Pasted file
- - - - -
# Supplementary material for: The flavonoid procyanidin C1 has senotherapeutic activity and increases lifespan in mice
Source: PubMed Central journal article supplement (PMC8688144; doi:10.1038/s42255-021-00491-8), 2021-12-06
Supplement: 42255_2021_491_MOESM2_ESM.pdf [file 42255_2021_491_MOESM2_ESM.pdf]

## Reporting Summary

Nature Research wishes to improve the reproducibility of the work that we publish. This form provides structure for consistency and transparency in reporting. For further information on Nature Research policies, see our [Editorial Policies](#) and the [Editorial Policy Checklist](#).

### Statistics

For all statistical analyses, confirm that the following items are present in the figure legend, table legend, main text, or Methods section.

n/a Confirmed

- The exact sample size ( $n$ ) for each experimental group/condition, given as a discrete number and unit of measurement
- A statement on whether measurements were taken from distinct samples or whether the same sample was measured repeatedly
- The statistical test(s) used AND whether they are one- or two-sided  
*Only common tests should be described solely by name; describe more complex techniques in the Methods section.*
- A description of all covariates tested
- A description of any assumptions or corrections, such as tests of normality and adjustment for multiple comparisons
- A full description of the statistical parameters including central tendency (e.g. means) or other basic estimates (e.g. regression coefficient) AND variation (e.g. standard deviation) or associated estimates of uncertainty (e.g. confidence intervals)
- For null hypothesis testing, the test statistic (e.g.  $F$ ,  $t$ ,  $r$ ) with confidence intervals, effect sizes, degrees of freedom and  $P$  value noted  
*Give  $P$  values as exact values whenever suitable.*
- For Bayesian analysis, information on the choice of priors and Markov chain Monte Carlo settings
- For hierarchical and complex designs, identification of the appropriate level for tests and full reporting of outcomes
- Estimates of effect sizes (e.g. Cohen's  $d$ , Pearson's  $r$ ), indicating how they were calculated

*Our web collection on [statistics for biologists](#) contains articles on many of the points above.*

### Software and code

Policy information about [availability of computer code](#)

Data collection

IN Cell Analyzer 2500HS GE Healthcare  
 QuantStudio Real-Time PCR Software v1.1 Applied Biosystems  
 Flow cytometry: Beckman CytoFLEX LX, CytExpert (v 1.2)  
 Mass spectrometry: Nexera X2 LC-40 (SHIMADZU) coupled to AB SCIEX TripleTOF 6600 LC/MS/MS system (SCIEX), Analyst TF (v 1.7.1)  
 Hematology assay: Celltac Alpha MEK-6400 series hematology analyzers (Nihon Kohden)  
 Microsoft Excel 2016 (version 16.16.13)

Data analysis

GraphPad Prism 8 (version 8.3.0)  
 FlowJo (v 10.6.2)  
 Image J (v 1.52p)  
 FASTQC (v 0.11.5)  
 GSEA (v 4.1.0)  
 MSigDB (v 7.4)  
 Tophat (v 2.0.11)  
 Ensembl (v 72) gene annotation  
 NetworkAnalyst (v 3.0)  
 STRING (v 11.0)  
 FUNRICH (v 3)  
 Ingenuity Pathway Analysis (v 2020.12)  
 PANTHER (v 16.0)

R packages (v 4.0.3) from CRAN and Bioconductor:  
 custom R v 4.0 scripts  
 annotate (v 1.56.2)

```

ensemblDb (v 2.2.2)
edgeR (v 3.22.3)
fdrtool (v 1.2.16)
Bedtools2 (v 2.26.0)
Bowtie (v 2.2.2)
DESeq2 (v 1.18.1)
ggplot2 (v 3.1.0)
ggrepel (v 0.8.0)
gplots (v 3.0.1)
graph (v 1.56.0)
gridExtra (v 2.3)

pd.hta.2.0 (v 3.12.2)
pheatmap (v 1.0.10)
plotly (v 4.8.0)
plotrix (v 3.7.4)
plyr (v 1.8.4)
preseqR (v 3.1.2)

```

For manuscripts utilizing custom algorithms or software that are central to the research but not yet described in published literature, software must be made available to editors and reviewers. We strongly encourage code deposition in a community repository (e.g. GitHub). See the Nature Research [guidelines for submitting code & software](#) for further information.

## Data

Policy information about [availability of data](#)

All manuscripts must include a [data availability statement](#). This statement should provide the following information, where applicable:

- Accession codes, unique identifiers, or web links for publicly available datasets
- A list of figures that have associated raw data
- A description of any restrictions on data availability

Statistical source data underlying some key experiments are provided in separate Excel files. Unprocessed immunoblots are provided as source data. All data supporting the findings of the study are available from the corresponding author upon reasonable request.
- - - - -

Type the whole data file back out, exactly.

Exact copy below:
# Supplementary material for: The flavonoid procyanidin C1 has senotherapeutic activity and increases lifespan in mice
Source: PubMed Central journal article supplement (PMC8688144; doi:10.1038/s42255-021-00491-8), 2021-12-06
Supplement: 42255_2021_491_MOESM2_ESM.pdf [file 42255_2021_491_MOESM2_ESM.pdf]

## Reporting Summary

Nature Research wishes to improve the reproducibility of the work that we publish. This form provides structure for consistency and transparency in reporting. For further information on Nature Research policies, see our [Editorial Policies](#) and the [Editorial Policy Checklist](#).

### Statistics

For all statistical analyses, confirm that the following items are present in the figure legend, table legend, main text, or Methods section.

n/a Confirmed

- The exact sample size ( $n$ ) for each experimental group/condition, given as a discrete number and unit of measurement
- A statement on whether measurements were taken from distinct samples or whether the same sample was measured repeatedly
- The statistical test(s) used AND whether they are one- or two-sided  
*Only common tests should be described solely by name; describe more complex techniques in the Methods section.*
- A description of all covariates tested
- A description of any assumptions or corrections, such as tests of normality and adjustment for multiple comparisons
- A full description of the statistical parameters including central tendency (e.g. means) or other basic estimates (e.g. regression coefficient) AND variation (e.g. standard deviation) or associated estimates of uncertainty (e.g. confidence intervals)
- For null hypothesis testing, the test statistic (e.g.  $F$ ,  $t$ ,  $r$ ) with confidence intervals, effect sizes, degrees of freedom and  $P$  value noted  
*Give  $P$  values as exact values whenever suitable.*
- For Bayesian analysis, information on the choice of priors and Markov chain Monte Carlo settings
- For hierarchical and complex designs, identification of the appropriate level for tests and full reporting of outcomes
- Estimates of effect sizes (e.g. Cohen's  $d$ , Pearson's  $r$ ), indicating how they were calculated

*Our web collection on [statistics for biologists](#) contains articles on many of the points above.*

### Software and code

Policy information about [availability of computer code](#)

Data collection

IN Cell Analyzer 2500HS GE Healthcare  
 QuantStudio Real-Time PCR Software v1.1 Applied Biosystems  
 Flow cytometry: Beckman CytoFLEX LX, CytExpert (v 1.2)  
 Mass spectrometry: Nexera X2 LC-40 (SHIMADZU) coupled to AB SCIEX TripleTOF 6600 LC/MS/MS system (SCIEX), Analyst TF (v 1.7.1)  
 Hematology assay: Celltac Alpha MEK-6400 series hematology analyzers (Nihon Kohden)  
 Microsoft Excel 2016 (version 16.16.13)

Data analysis

GraphPad Prism 8 (version 8.3.0)  
 FlowJo (v 10.6.2)  
 Image J (v 1.52p)  
 FASTQC (v 0.11.5)  
 GSEA (v 4.1.0)  
 MSigDB (v 7.4)  
 Tophat (v 2.0.11)  
 Ensembl (v 72) gene annotation  
 NetworkAnalyst (v 3.0)  
 STRING (v 11.0)  
 FUNRICH (v 3)  
 Ingenuity Pathway Analysis (v 2020.12)  
 PANTHER (v 16.0)

R packages (v 4.0.3) from CRAN and Bioconductor:  
 custom R v 4.0 scripts  
 annotate (v 1.56.2)

```

ensemblDb (v 2.2.2)
edgeR (v 3.22.3)
fdrtool (v 1.2.16)
Bedtools2 (v 2.26.0)
Bowtie (v 2.2.2)
DESeq2 (v 1.18.1)
ggplot2 (v 3.1.0)
ggrepel (v 0.8.0)
gplots (v 3.0.1)
graph (v 1.56.0)
gridExtra (v 2.3)

pd.hta.2.0 (v 3.12.2)
pheatmap (v 1.0.10)
plotly (v 4.8.0)
plotrix (v 3.7.4)
plyr (v 1.8.4)
preseqR (v 3.1.2)

```

For manuscripts utilizing custom algorithms or software that are central to the research but not yet described in published literature, software must be made available to editors and reviewers. We strongly encourage code deposition in a community repository (e.g. GitHub). See the Nature Research [guidelines for submitting code & software](#) for further information.

## Data

Policy information about [availability of data](#)

All manuscripts must include a [data availability statement](#). This statement should provide the following information, where applicable:

- Accession codes, unique identifiers, or web links for publicly available datasets
- A list of figures that have associated raw data
- A description of any restrictions on data availability

Statistical source data underlying some key experiments are provided in separate Excel files. Unprocessed immunoblots are provided as source data. All data supporting the findings of the study are available from the corresponding author upon reasonable request.